If you walk along the Lungotevere riverside in Rome, or Via Carlo Alberto in Turin or through the Cannaregio district in Venice you may spot something glinting on the pavement. A little brass cobblestone or plaque set into the concrete outside an old door. And if you look closer there is writing engraved on the surface. “Qui abitava..,” here lived, and a name. Or “Qui è stato arrestato….” here was arrested and a name. These are pietre d’inciampo, stolpersteines or stumbling blocks. And this is their story.
4 pietre d’inciampo at 1223 Calle Ghetto Vecchio in Venice’s Jewish Ghetto, Cannaregio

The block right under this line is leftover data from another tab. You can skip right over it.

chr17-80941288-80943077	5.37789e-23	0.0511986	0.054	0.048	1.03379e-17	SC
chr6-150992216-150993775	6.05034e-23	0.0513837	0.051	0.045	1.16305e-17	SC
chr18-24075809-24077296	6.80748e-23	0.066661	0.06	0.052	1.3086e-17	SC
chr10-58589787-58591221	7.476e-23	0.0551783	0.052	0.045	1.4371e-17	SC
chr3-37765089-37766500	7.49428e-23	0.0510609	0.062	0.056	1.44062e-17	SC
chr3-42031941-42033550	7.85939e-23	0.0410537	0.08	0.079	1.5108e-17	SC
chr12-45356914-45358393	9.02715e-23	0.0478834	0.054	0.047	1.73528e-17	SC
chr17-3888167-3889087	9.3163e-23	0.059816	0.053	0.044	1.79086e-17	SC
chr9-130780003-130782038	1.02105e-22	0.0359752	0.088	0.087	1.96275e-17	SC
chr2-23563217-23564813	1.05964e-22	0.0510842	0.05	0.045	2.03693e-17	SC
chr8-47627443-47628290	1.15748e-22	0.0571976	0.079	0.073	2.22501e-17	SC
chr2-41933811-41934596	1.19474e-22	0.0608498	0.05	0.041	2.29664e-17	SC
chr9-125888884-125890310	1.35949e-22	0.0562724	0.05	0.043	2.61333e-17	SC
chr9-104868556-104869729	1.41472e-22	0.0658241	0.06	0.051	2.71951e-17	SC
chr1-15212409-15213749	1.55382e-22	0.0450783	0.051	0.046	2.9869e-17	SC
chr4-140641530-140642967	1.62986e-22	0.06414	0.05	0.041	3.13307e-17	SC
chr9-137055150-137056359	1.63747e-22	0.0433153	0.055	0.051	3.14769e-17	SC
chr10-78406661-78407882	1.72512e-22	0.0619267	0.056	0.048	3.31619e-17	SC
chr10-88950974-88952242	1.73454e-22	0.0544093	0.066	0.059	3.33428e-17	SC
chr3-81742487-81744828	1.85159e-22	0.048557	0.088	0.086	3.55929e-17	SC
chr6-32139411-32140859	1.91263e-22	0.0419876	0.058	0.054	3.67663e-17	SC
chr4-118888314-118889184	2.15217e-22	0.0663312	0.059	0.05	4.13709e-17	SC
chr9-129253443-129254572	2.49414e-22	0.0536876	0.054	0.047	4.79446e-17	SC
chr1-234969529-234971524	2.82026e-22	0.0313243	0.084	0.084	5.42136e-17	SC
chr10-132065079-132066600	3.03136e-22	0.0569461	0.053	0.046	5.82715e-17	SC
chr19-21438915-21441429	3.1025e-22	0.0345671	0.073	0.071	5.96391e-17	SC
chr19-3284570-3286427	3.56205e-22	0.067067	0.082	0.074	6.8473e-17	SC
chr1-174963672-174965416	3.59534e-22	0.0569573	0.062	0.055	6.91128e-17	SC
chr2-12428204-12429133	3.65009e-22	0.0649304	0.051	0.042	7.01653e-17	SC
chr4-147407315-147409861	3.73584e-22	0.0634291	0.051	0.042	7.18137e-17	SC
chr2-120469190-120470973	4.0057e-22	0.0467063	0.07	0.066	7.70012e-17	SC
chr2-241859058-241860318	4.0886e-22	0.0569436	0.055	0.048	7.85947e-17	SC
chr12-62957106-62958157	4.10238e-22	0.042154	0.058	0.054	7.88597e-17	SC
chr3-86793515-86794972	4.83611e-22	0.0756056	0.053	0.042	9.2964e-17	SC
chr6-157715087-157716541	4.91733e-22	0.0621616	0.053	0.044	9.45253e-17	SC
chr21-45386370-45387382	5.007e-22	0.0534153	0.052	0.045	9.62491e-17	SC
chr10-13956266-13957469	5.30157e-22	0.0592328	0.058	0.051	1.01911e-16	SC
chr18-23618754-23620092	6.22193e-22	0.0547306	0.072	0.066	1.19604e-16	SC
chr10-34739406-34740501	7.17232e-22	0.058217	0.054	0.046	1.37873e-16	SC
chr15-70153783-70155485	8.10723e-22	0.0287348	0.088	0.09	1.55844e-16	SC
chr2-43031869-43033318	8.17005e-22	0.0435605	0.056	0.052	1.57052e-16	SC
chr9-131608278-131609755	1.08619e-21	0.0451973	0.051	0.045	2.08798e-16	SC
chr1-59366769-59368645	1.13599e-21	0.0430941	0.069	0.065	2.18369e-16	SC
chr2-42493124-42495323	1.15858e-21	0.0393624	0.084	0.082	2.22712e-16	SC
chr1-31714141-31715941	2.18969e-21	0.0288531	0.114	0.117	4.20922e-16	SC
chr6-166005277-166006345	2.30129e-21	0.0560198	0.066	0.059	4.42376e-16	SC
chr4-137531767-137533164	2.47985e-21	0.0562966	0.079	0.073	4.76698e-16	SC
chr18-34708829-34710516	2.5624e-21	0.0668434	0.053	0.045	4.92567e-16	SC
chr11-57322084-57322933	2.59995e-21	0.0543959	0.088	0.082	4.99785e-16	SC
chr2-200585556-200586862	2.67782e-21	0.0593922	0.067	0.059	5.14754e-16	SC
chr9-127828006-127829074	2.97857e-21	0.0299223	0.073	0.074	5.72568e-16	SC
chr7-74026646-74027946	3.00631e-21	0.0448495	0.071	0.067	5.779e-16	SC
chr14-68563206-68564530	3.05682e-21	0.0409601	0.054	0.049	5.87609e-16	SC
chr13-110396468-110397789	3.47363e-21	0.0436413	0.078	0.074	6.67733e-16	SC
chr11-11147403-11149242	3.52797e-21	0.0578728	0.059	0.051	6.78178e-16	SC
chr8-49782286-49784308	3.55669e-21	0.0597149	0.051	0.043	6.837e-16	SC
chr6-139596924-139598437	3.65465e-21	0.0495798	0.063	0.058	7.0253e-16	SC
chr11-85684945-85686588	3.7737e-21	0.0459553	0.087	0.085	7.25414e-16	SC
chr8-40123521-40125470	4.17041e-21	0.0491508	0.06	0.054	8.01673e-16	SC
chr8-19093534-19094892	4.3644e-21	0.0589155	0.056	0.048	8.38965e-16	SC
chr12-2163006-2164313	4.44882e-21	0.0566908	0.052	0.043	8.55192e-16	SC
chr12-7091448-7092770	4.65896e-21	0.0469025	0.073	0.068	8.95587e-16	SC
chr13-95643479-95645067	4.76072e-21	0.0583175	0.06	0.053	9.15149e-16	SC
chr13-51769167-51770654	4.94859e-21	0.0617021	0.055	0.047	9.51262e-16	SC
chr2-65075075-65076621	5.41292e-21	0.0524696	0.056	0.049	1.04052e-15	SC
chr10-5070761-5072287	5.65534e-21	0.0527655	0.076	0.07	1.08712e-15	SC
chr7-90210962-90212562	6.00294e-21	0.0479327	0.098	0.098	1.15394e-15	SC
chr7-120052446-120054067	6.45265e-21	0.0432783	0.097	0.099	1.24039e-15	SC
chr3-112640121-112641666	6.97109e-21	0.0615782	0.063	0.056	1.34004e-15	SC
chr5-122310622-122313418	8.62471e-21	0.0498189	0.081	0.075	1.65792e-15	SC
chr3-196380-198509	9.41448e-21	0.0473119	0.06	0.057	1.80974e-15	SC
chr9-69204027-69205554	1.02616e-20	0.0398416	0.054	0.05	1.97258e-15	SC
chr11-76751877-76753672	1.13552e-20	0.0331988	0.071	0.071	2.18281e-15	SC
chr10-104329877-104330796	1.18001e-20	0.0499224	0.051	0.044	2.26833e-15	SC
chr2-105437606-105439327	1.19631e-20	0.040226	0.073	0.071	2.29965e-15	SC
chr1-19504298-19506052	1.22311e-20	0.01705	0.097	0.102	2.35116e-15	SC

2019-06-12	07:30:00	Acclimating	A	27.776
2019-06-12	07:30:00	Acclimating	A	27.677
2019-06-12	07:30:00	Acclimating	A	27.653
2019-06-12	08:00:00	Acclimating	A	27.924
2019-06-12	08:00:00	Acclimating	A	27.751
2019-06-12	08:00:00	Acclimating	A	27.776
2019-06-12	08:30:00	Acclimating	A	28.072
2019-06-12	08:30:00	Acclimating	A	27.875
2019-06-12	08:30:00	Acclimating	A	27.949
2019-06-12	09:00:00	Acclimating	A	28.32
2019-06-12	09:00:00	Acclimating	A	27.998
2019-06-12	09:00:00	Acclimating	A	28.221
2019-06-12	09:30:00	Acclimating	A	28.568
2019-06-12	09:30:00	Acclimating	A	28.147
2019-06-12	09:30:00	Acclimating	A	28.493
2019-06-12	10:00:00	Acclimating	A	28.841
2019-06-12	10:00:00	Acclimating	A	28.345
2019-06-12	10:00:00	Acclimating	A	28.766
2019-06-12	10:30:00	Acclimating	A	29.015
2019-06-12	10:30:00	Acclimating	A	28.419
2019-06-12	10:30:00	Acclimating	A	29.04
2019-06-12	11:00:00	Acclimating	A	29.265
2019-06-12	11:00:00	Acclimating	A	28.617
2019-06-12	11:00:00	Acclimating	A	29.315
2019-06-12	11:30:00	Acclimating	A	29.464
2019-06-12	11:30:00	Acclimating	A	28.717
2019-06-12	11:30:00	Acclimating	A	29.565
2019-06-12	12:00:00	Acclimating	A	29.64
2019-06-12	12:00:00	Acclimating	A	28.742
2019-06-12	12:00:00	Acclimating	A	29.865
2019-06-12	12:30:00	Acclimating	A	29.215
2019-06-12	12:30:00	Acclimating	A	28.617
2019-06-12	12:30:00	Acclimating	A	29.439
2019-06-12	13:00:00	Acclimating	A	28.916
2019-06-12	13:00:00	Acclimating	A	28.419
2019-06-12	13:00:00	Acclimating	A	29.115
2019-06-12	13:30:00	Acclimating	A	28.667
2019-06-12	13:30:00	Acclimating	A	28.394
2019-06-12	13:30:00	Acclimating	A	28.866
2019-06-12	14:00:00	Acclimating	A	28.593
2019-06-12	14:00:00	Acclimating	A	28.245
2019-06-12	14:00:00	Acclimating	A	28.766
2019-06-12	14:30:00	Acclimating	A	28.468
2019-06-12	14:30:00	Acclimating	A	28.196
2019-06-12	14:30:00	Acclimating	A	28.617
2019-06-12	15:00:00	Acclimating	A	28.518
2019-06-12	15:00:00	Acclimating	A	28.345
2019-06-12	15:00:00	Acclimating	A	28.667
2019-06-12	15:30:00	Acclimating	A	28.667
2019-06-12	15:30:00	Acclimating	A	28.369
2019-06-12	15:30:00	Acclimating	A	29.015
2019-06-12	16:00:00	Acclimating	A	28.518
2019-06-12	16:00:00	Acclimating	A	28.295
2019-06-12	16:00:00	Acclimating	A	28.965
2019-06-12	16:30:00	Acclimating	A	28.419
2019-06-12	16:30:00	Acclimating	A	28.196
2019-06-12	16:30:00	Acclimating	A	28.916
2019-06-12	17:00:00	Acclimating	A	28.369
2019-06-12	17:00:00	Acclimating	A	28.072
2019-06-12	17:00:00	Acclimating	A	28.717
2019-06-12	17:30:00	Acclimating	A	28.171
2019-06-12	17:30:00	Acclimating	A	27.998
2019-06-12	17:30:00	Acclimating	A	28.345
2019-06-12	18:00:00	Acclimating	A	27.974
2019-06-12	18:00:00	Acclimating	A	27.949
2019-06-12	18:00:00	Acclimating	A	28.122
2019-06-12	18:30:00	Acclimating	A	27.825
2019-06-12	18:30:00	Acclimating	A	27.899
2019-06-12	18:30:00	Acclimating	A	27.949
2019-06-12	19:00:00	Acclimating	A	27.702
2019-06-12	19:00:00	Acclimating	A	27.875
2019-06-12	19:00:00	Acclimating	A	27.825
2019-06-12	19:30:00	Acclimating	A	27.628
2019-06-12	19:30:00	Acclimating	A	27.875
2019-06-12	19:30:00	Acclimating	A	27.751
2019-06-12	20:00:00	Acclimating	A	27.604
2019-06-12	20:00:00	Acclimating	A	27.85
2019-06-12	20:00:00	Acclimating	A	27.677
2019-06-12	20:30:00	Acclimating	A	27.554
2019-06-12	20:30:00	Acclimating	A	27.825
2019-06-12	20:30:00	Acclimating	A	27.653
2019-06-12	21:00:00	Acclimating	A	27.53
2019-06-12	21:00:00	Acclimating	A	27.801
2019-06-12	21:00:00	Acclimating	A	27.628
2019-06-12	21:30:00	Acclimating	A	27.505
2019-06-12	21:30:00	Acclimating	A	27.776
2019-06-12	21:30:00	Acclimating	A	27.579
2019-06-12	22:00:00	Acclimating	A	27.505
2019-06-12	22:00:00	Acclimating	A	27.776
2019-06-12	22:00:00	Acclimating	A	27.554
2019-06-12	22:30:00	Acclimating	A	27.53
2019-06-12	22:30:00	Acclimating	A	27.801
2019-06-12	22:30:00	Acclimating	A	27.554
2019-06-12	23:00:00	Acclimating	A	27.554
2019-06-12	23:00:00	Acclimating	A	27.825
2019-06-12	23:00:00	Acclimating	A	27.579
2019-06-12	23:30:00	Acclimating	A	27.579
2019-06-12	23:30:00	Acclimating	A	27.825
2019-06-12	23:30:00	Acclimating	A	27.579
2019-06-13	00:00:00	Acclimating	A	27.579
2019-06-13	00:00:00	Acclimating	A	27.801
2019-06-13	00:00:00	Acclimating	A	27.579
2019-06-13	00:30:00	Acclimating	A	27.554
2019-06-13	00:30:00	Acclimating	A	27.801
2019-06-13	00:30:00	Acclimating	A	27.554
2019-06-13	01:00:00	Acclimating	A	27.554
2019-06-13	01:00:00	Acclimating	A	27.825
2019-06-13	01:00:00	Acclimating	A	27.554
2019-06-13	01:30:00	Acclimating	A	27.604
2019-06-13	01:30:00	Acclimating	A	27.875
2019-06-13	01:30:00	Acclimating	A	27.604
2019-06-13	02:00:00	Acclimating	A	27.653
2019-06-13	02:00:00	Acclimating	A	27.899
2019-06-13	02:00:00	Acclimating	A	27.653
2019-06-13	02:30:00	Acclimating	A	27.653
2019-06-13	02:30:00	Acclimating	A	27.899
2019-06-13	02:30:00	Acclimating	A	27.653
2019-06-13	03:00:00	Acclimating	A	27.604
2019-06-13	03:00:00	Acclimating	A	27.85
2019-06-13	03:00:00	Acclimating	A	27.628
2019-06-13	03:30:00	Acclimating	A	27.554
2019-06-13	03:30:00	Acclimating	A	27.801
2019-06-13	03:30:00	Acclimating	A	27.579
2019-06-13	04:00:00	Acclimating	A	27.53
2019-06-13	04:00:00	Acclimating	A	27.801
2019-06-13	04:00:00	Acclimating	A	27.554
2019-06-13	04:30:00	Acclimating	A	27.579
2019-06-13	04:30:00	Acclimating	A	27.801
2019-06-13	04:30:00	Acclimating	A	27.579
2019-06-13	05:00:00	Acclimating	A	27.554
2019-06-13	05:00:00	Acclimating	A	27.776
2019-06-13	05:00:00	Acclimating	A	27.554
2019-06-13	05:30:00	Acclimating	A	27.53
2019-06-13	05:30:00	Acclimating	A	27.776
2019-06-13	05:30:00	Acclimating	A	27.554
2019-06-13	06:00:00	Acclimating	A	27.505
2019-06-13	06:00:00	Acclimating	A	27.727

The origins of pietre d’inciampo or stolpersteines
Pietre d’inciampo, or stolpersteines to give them their original German name, were first conceived by Berlin artist Gunter Demnig back in 1993 as a quiet, unassuming but vital art project. The aim is to commemorate of the lives lost by Jews…
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